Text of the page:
The development of iron ore deposits is another matter to which the Government should turn attention. The authorities took an option over a big deposit. I have visited the Blythe River iron ore field, which struck me as being an immense proposition; but, as to how much iron there is there, and its quality, I am not prepared to pronounce an opinion. The point is that the experts who have made investigations on behalf of the Commonwealth, have not reported favorably, and the Commonwealth Government has surrendered its option.
-YourState geologists say that the Commonwealth experts did not go down deeply enough to gain a proper opinion of the deposits.
-That may or may not be the case. I know that the deposit was inspected quite a number of years ago by Mr. Darby, who had been sent out from England by interested parties, at rather considerable expense. He reported that the field contained a very extensive deposit of best quality iron. He, at any rate, was well satisfied. The Commonwealth, however, has been advised otherwise, and has given up its option. The Commonwealth authorities appear to be anxious to secure iron. That being so, I call their attention to a deposit at Ilfracombe, near Beaconsfield, in the neighbourhood of the Tamar. There is said to be a great quantity of good iron in that neighbourhood. Commonwealth representatives can take up a lease from the Tasmanian Government, and, at very little expense, can ascertain whether the deposit is worth while. If they are not satisfied with that field, there is still another large iron deposit in a different part of my electorate for which it is claimed that the quality is excellent. It is asserted, also, that there are still further valuable deposits in parts of the west coast of Tasmania.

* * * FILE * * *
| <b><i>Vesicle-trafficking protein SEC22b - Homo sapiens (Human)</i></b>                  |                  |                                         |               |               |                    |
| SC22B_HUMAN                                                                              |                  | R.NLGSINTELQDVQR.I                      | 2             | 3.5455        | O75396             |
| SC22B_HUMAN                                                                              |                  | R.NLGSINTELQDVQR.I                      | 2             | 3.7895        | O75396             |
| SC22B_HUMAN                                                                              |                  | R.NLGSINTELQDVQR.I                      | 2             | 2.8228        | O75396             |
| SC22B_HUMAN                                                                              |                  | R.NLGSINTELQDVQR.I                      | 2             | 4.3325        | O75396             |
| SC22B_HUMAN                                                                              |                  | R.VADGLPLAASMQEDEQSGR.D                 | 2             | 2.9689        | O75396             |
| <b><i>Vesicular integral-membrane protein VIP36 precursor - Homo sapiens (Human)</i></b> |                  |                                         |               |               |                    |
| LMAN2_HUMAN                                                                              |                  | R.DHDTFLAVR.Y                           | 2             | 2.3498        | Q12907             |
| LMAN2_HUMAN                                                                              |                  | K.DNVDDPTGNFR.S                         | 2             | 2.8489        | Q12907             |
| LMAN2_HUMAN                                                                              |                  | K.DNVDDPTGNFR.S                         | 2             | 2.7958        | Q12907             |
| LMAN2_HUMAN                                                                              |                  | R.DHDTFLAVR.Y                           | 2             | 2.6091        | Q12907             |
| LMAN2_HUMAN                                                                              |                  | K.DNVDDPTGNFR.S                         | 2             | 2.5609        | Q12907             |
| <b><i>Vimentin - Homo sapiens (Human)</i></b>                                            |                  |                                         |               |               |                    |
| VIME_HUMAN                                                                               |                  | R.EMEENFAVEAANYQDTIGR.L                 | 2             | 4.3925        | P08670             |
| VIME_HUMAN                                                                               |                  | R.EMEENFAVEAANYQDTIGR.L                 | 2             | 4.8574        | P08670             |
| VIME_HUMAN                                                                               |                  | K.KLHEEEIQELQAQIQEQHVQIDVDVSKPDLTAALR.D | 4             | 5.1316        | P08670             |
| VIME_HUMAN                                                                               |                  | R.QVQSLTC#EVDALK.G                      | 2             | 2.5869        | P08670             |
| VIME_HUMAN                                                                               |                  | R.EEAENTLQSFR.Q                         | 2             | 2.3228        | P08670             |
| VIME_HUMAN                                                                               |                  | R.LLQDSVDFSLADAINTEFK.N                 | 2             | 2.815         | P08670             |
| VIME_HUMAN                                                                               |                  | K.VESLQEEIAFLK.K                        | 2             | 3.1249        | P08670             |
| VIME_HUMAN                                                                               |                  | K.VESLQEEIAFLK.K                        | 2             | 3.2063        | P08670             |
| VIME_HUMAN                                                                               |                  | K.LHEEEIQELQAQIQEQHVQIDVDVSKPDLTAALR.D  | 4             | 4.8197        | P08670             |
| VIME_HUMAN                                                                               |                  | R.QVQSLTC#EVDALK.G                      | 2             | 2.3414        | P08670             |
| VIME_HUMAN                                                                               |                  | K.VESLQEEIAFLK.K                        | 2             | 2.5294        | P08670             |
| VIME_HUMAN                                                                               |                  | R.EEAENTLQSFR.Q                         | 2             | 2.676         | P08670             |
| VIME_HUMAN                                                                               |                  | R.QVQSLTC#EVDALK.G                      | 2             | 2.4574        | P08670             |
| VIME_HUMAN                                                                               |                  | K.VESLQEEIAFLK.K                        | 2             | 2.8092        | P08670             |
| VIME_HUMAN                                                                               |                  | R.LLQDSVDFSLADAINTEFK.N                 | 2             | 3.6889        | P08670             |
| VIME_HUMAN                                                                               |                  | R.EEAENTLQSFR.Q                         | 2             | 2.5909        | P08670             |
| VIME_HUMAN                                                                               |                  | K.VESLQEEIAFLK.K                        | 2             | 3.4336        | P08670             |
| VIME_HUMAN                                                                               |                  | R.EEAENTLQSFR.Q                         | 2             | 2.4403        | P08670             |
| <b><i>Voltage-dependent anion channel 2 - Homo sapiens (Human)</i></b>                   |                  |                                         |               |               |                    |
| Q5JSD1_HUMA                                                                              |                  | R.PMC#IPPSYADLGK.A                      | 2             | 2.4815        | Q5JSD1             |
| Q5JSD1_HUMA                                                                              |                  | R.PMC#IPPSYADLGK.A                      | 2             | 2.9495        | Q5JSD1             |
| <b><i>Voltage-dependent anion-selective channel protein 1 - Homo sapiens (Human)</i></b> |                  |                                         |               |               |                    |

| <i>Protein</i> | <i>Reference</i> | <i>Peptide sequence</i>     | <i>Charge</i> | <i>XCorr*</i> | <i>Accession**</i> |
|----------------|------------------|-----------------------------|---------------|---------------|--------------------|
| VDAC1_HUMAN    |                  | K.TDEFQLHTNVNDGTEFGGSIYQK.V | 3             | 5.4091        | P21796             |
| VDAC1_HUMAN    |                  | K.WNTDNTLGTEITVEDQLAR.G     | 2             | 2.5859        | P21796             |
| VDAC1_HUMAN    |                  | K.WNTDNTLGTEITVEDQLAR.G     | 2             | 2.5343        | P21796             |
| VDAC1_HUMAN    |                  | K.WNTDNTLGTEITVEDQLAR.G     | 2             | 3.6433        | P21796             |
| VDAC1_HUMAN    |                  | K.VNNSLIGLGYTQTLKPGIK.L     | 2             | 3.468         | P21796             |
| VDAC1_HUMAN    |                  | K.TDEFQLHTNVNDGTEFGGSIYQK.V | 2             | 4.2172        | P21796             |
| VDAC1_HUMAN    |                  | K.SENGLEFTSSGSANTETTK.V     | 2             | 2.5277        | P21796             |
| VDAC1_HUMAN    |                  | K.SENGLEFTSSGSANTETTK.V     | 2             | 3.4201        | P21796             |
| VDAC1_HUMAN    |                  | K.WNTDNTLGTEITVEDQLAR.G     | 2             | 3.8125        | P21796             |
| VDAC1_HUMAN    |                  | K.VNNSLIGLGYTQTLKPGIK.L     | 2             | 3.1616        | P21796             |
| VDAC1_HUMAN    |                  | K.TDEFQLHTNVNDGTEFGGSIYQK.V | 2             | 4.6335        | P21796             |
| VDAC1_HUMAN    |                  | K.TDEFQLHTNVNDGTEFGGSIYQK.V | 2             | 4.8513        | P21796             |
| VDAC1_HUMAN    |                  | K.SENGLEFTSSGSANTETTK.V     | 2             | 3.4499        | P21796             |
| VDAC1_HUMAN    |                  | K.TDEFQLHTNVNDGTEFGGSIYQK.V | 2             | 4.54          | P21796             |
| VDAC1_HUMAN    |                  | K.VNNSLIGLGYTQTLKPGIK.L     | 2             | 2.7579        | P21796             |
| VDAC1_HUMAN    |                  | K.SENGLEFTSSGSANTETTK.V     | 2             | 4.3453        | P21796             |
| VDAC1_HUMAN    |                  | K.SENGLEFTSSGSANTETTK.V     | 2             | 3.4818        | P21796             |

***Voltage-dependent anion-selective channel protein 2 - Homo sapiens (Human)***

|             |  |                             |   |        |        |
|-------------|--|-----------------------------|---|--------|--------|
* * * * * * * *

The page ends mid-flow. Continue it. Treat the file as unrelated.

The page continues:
– There are tremendous deposits in South Australia.
– Thatis so. Since iron and steel and oil are becoming more and more important to the commercial outlook of the world, the Government should put forth every effort to assist in the discovery and development of natural deposits. Nationalization cannot be undertaken with any shadow of success in. these days; but that should not prevent the Government from helping, to its utmost, any enterprises of the kind in which private individuals are concerned.